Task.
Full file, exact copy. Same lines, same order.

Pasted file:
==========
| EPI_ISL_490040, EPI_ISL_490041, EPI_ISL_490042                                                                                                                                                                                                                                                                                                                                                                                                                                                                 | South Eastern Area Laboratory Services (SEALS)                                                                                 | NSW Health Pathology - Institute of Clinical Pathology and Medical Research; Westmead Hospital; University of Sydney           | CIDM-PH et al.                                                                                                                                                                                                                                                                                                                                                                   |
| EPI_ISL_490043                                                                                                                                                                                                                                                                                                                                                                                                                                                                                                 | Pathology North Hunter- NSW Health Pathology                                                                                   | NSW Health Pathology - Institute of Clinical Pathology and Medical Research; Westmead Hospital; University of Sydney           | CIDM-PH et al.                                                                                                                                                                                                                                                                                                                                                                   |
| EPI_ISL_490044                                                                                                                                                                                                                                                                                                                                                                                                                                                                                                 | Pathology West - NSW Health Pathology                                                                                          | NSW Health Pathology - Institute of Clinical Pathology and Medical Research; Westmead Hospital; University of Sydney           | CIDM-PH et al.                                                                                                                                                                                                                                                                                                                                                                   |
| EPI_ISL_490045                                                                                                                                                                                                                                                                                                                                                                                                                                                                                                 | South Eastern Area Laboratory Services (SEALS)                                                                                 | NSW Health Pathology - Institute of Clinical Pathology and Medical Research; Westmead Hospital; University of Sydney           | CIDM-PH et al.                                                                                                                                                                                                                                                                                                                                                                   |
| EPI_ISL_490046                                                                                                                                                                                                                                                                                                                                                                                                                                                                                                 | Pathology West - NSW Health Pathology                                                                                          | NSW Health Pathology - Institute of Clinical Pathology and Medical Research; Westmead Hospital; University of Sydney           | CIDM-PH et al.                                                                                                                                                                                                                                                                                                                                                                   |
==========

| EPI_ISL_490040, EPI_ISL_490041, EPI_ISL_490042                                                                                                                                                                                                                                                                                                                                                                                                                                                                 | South Eastern Area Laboratory Services (SEALS)                                                                                 | NSW Health Pathology - Institute of Clinical Pathology and Medical Research; Westmead Hospital; University of Sydney           | CIDM-PH et al.                                                                                                                                                                                                                                                                                                                                                                   |
| EPI_ISL_490043                                                                                                                                                                                                                                                                                                                                                                                                                                                                                                 | Pathology North Hunter- NSW Health Pathology                                                                                   | NSW Health Pathology - Institute of Clinical Pathology and Medical Research; Westmead Hospital; University of Sydney           | CIDM-PH et al.                                                                                                                                                                                                                                                                                                                                                                   |
| EPI_ISL_490044                                                                                                                                                                                                                                                                                                                                                                                                                                                                                                 | Pathology West - NSW Health Pathology                                                                                          | NSW Health Pathology - Institute of Clinical Pathology and Medical Research; Westmead Hospital; University of Sydney           | CIDM-PH et al.                                                                                                                                                                                                                                                                                                                                                                   |
| EPI_ISL_490045                                                                                                                                                                                                                                                                                                                                                                                                                                                                                                 | South Eastern Area Laboratory Services (SEALS)                                                                                 | NSW Health Pathology - Institute of Clinical Pathology and Medical Research; Westmead Hospital; University of Sydney           | CIDM-PH et al.                                                                                                                                                                                                                                                                                                                                                                   |
| EPI_ISL_490046                                                                                                                                                                                                                                                                                                                                                                                                                                                                                                 | Pathology West - NSW Health Pathology                                                                                          | NSW Health Pathology - Institute of Clinical Pathology and Medical Research; Westmead Hospital; University of Sydney           | CIDM-PH et al.                                                                                                                                                                                                                                                                                                                                                                   |